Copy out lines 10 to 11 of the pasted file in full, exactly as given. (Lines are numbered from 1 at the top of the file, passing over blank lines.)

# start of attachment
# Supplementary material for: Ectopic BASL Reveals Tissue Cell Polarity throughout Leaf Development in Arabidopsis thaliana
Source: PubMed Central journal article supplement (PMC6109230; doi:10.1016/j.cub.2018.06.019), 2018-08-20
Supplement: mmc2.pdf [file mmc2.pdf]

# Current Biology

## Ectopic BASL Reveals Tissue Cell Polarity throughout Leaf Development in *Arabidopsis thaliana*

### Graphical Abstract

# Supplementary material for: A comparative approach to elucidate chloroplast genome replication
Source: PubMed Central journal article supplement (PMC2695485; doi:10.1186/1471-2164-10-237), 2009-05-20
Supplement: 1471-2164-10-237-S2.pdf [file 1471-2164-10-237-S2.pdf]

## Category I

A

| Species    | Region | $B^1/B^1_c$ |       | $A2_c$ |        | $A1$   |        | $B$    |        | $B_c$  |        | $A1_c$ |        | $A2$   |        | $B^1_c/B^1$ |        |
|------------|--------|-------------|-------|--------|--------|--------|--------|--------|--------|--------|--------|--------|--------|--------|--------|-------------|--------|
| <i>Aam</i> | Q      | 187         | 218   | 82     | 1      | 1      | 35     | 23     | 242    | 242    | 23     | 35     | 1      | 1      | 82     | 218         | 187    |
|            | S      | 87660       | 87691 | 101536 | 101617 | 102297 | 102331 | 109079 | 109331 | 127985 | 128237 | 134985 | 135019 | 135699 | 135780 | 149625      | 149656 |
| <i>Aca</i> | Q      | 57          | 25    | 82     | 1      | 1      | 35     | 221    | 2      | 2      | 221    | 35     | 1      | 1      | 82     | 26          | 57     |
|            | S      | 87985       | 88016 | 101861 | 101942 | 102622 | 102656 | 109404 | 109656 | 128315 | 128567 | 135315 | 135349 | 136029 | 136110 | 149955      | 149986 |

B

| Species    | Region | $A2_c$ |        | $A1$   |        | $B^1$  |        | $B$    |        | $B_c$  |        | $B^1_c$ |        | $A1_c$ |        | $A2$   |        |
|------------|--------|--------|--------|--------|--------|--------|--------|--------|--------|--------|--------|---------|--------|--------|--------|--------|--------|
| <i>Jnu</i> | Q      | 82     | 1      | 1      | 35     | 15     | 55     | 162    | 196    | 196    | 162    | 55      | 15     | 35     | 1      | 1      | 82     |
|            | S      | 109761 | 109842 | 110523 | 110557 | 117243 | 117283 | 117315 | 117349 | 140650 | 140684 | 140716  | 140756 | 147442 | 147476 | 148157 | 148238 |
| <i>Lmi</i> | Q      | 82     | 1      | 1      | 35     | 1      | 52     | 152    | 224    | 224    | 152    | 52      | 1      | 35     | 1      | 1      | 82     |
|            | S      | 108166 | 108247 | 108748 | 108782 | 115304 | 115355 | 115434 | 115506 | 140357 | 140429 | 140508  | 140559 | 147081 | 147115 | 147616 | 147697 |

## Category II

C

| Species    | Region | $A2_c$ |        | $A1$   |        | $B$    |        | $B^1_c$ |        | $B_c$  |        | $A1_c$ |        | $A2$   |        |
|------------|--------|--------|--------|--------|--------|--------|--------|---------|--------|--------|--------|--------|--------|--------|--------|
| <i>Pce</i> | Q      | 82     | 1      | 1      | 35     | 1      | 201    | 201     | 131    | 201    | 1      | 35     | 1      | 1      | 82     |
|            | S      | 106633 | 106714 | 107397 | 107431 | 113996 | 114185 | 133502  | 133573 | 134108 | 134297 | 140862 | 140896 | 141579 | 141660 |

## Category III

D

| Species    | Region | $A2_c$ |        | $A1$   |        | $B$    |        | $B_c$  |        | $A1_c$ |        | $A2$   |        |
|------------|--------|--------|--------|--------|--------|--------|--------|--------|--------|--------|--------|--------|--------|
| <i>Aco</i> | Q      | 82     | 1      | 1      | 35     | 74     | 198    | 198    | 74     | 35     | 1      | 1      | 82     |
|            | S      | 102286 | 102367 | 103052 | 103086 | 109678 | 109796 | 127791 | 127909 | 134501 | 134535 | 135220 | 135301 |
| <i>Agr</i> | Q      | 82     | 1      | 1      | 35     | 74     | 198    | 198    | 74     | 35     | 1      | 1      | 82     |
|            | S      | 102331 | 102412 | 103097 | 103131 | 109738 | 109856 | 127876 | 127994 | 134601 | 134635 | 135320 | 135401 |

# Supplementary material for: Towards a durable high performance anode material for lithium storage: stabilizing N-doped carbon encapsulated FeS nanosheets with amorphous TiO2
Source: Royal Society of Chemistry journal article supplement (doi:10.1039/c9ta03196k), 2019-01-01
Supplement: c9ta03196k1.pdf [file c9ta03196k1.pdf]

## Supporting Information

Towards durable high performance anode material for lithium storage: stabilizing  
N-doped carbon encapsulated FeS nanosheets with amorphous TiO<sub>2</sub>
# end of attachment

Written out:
## Category I

A